Friday, 15 October 2010
But let’s back up a bit. In the early 1970s I spent a large proportion of my life hanging around in St Albans record shops, either the traditional specialist venues like The Record Room or the new pretender, Cloud 7 or even the less obvious places like Tesco, Boots or a furniture store whose name I’ve forgotten, who all sold chart singles.
Oh, the arrogance of youth! This was a time when I felt entirely at ease in such places and, like the owners, knew most of the stock by sight. As a frequent visitor and dedicated browser, not to mention compulsive buyer, I felt that slight superiority that an expert feels when confronted with an amateur. So when anyone came into the shop with that furtive and marginally panicked look on their face you just knew that some fun would ensue.
These were the people, usually elderly, who didn’t really know what they had come into buy, either because they’d heard something on the wireless and didn’t know what it was, or because they were buying for someone else. In the first instance they would try and describe what it was they were after, usually going to extraordinary lengths to avoid actually having to sing the thing to the bemused shop assistant. Alternatively, if they were buying for someone else (usually much younger), and Christmas was always a good time for this, they would clutch a scrap of paper and whisper the contents to the assistant who would be drowning in a sea of mispronunciation and misunderstanding. Their delivery would be akin to a police officer recalling a slang filled conversation with a villain in a court of law.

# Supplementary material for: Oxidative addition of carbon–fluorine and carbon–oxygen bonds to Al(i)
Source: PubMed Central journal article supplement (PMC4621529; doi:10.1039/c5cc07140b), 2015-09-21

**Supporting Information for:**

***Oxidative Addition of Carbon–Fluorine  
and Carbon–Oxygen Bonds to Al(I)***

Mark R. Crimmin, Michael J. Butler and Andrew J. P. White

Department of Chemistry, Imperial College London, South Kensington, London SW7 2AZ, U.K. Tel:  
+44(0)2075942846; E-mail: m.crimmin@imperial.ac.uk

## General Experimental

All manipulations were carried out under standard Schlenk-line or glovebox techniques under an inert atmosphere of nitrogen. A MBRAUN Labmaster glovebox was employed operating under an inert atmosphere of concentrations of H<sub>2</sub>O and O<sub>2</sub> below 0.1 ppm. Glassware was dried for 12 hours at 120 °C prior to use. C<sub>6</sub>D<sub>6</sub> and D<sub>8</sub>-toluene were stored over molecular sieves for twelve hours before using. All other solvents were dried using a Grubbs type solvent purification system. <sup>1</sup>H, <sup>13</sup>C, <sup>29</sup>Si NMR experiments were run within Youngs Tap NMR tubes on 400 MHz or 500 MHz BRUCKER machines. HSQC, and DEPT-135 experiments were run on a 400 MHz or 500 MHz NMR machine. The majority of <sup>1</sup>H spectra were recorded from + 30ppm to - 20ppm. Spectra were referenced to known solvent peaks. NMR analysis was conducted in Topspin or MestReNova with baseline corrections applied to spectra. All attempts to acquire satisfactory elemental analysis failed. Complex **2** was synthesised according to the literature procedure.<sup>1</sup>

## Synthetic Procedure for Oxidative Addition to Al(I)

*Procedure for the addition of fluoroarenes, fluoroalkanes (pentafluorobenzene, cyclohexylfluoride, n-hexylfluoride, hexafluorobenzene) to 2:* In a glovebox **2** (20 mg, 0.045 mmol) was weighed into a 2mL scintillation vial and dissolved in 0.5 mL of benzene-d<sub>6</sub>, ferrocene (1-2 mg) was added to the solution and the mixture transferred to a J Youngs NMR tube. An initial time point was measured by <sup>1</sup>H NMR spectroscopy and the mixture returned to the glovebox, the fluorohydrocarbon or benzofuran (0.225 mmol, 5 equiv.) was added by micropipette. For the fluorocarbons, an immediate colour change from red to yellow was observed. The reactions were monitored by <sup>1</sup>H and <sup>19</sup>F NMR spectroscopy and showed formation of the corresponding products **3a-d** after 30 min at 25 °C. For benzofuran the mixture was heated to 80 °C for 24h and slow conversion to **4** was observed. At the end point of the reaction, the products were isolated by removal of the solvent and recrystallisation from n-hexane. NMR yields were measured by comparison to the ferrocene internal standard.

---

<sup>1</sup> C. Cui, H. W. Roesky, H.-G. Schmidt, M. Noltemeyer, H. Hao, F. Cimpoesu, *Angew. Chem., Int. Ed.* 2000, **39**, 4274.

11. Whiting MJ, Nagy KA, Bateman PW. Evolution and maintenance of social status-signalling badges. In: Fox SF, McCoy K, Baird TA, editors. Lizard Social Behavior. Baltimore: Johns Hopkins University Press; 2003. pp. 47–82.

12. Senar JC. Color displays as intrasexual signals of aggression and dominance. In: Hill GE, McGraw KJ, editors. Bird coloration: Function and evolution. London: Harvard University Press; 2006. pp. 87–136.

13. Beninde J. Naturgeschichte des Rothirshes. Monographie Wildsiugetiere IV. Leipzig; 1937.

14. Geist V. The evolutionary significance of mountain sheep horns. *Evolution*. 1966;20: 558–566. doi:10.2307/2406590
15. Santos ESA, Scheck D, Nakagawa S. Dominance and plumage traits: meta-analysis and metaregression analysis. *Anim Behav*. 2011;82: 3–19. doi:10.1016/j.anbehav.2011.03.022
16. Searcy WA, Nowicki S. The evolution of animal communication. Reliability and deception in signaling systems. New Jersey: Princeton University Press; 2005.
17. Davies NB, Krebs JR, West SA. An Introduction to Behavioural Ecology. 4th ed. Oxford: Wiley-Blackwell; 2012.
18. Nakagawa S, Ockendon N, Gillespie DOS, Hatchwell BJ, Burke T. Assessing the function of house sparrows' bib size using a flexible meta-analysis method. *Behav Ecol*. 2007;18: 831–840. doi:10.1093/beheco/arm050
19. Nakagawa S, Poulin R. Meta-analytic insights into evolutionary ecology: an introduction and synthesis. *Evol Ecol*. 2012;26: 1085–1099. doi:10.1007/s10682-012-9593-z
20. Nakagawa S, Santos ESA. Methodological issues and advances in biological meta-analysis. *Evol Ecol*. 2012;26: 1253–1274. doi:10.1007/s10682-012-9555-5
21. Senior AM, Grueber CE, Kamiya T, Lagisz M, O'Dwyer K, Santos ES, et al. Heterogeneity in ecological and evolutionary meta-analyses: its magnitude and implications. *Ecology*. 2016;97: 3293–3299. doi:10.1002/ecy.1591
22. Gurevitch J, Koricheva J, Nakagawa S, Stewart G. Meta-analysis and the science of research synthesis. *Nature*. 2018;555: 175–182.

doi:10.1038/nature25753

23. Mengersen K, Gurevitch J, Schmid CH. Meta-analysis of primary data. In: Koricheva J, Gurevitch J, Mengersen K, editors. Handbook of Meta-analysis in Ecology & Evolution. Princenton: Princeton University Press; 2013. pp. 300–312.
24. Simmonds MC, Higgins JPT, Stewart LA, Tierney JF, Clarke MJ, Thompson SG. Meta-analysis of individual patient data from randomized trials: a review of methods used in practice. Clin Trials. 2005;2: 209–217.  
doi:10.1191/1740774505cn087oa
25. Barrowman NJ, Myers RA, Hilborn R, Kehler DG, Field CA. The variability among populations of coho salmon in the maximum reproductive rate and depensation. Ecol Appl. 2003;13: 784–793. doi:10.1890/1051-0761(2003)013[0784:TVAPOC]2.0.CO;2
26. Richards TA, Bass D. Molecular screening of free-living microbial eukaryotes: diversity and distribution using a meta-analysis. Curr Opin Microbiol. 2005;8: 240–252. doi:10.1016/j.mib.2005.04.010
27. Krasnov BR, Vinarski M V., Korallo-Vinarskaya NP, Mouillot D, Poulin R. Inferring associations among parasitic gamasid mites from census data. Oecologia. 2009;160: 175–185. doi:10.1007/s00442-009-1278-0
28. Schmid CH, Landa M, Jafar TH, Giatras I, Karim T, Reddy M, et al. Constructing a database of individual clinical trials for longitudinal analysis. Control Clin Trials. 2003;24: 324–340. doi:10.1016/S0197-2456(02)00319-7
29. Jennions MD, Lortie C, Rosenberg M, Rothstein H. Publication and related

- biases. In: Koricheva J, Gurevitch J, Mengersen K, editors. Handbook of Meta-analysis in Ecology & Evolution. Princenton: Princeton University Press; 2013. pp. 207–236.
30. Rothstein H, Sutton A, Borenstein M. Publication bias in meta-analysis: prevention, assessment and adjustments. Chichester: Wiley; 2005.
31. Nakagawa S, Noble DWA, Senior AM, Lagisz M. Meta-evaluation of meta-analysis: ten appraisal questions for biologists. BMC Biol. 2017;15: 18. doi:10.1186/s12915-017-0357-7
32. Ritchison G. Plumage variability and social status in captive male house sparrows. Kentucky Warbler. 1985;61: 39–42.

All this was huge fun to people like me, safe in the knowledge that I would always, always know what it all meant. Until now.
So there I was, navigating through iTunes to download my daughter’s choice, when suddenly, oh no, I was that someone’s elderly parent in the record store who hasn’t a clue what they are asking for and all those years of arrogance have come back to bite me.
‘No, Daddy. It’s THAT one. Don’t you know?’